Three Phases of Embedding Innovation
Failure is real and should be feared. Ironically, fear of failure is the most potent saboteur. This is a fact proven time and time again in the world of innovation.
Many expensive and time-consuming efforts to build innovation capability and capacity inside of organizations fail for a few simple reasons. Either they import a framework completely from the outside without attuning it to their practices and the culture and internal systems reject it or an anxiety to “get it right” leads to years of benchmarking, planning, and the formation of the governance of innovation without actually doing the work—and the work is simple: create net new value.
These common traps prevent real innovation from taking root. After seeing them confound 1000s of top-performing professionals at too many Fortune 1000 and Mid-Market companies and leading non-profits, we have developed an approachable language and timeline to apply innovation pragmatically.
This simple framework helps make sense of (the somewhat odd) transformation and the stages of innovation maturation you can expect.
I’ll highlight the three stages of successfully embedding innovation briefly. We’ve seen this formula work in consumer health care, durable goods, non-profit donor relations, municipal programs, manufacturing, consumer goods, software, and services.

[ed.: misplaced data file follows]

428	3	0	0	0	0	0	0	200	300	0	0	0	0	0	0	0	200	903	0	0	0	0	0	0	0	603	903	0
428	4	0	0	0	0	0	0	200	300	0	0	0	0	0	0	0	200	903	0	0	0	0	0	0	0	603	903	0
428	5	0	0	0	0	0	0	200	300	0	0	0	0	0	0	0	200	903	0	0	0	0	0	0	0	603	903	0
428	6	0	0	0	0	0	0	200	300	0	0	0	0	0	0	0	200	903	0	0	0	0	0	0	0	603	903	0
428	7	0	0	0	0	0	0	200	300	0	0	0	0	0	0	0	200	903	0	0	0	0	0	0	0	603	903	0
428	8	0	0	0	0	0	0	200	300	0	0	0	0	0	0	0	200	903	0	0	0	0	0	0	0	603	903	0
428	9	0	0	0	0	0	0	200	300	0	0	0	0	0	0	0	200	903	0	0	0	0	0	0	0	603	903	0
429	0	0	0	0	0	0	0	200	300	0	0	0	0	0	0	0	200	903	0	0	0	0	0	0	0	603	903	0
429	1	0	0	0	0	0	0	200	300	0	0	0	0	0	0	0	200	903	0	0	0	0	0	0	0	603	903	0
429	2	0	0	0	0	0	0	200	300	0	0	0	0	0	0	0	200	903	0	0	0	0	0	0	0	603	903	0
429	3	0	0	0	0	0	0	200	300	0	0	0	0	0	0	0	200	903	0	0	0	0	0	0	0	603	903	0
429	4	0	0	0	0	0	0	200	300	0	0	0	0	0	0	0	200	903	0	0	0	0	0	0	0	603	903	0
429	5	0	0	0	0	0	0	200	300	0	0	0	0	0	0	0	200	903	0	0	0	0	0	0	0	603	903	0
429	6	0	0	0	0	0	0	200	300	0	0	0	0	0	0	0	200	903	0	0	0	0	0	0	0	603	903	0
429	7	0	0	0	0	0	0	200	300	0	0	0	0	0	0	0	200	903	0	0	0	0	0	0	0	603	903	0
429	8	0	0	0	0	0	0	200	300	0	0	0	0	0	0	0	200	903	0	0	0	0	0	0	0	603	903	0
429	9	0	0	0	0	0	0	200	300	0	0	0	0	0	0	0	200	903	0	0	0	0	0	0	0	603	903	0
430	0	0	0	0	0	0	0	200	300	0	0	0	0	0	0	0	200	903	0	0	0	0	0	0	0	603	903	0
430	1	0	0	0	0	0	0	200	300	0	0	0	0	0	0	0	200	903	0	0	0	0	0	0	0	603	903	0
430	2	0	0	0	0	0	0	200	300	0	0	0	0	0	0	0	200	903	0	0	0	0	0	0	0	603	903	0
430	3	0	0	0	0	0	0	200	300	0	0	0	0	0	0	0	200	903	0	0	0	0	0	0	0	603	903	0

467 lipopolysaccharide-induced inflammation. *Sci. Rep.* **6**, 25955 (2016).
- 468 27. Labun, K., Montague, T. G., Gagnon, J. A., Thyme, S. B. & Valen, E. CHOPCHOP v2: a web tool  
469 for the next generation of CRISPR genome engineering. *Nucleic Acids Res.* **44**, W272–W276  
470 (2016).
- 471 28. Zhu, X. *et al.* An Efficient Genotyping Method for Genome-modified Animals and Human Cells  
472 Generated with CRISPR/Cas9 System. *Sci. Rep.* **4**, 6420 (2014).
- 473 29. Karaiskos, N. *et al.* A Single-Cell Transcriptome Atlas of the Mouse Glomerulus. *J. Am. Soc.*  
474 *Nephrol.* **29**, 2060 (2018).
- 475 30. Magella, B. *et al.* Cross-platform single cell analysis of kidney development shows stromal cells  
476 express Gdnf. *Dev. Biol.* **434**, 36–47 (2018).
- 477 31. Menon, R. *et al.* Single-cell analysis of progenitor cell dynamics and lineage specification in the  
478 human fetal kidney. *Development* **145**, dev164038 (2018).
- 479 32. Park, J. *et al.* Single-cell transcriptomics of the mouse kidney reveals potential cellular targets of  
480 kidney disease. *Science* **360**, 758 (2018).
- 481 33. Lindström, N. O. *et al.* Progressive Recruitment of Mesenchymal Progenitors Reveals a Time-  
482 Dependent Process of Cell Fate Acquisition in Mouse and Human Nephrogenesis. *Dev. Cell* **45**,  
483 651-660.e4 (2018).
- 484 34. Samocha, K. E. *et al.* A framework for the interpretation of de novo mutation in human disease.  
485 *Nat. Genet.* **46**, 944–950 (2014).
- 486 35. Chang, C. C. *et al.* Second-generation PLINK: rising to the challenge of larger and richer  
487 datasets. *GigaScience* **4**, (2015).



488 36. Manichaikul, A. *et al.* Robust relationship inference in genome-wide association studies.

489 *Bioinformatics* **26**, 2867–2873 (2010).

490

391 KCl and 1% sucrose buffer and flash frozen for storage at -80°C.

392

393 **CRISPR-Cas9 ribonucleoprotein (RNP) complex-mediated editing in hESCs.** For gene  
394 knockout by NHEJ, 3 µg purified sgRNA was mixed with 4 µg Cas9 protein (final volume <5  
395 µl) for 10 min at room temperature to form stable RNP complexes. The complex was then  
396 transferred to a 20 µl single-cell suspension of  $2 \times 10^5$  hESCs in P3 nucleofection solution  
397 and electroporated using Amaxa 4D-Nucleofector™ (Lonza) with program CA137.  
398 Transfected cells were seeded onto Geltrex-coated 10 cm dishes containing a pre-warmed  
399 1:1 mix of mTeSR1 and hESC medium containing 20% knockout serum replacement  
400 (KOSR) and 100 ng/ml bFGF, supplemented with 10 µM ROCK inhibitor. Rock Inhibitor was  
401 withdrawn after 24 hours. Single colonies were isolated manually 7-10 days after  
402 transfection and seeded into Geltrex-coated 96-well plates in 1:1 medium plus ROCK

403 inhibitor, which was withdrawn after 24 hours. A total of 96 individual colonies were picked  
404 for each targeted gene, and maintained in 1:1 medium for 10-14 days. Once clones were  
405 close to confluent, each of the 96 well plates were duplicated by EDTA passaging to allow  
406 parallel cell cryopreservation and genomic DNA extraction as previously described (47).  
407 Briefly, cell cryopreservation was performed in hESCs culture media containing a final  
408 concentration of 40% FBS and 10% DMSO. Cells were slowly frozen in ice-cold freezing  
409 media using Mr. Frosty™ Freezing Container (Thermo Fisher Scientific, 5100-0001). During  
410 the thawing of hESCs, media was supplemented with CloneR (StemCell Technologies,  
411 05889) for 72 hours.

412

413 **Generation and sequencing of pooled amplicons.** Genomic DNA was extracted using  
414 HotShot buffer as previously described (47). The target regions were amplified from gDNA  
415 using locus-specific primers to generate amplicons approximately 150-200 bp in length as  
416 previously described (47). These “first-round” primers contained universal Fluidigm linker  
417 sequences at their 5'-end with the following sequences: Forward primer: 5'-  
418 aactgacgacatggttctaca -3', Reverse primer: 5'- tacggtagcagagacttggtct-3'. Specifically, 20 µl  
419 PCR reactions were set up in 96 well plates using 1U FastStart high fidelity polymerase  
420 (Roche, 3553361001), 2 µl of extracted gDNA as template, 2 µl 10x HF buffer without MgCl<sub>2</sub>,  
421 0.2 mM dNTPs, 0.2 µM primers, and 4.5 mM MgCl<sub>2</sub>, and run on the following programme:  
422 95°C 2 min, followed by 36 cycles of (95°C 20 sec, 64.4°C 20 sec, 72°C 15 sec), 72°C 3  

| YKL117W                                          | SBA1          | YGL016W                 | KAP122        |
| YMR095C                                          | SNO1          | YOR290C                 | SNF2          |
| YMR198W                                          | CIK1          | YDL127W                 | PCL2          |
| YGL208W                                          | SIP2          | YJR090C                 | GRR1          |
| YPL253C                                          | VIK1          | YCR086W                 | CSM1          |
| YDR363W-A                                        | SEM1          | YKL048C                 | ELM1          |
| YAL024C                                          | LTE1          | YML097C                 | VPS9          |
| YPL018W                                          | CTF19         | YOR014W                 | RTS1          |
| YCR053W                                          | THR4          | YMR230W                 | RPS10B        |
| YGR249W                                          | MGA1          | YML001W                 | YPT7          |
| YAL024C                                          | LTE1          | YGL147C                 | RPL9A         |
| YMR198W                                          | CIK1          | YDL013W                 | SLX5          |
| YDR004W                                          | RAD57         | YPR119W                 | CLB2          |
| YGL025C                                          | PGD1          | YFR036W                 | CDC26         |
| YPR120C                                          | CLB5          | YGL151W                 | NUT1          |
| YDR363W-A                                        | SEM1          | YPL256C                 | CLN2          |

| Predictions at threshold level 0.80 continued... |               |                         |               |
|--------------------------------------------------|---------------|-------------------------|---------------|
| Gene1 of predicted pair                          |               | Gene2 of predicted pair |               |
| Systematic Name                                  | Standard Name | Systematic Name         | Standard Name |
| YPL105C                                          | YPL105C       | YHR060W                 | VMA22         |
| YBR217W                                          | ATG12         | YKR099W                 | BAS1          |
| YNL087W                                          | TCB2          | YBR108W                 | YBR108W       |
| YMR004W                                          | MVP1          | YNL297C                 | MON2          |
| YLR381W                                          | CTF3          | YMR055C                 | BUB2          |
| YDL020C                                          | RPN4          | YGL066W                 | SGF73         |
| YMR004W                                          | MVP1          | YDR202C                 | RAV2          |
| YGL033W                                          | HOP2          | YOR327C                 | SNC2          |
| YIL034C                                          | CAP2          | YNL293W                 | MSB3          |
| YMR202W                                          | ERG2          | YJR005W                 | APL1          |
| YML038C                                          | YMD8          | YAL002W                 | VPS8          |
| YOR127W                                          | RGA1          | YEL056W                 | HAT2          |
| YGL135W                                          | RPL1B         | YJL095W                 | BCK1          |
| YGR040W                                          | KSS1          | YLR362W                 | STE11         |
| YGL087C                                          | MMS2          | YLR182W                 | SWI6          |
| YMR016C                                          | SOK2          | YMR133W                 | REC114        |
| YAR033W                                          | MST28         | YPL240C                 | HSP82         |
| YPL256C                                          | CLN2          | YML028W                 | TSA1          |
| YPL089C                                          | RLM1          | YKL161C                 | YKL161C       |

Learning Phase: One to Two Years
During the learning phase leadership needs to let the rest of the organization that they formally endorse a time period to explore how different innovation methods can bring value to their organization. Experiment to see which methods offer the richest insights and new areas of growth.
Define the scope of this phase: the budget, and amount of time professionals can devote to this phase in advance. Then, they need to try a mix of training sessions: customer mapping, hack-a-thons on particular vexing problems, workshops, bootcamps on various innovation methods (and there are many: Design Thinking, Jobs to Be Done, Wicked Problem Solving, SIT, Doblin 10 Types, and endless variations), tools, and exercises. As well, a few full project cycles need to be completed at this phase.
You never can predict which methods and tools will work best inside of a culture; therefore, giving a set period of time to learn how your organization can best create value is a critical, and often missing, piece of this rush to innovate.
Immersion Phase: 18 months to three years
At this phase the organization has set practices, metrics, and behaviors for doing innovation. They are launching innovations. Most important, Innovation is formally defined and communicated, the Innovation Strategy is set, and there are planned roadshows, projects, and people in place to immerse the culture in the methods and mindsets that work for the culture. Many processes get revised under the ardor of innovation.
Embedment Phase: Ongoing
At this point in the maturation cycle emerging leaders in each department should be both modeling and managing innovation each day as an integral part of their jobs.
Hope you find this primer helpful. The main point: Innovation can drive value unlike any other lever. Allow time and space to learn what works for your organization.
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Michael Graber is the managing partner of the Southern Growth Studio, an innovation and strategic growth firm based in Memphis, TN and the author of Going Electric. Visit www.southerngrowthstudio.com to learn more.
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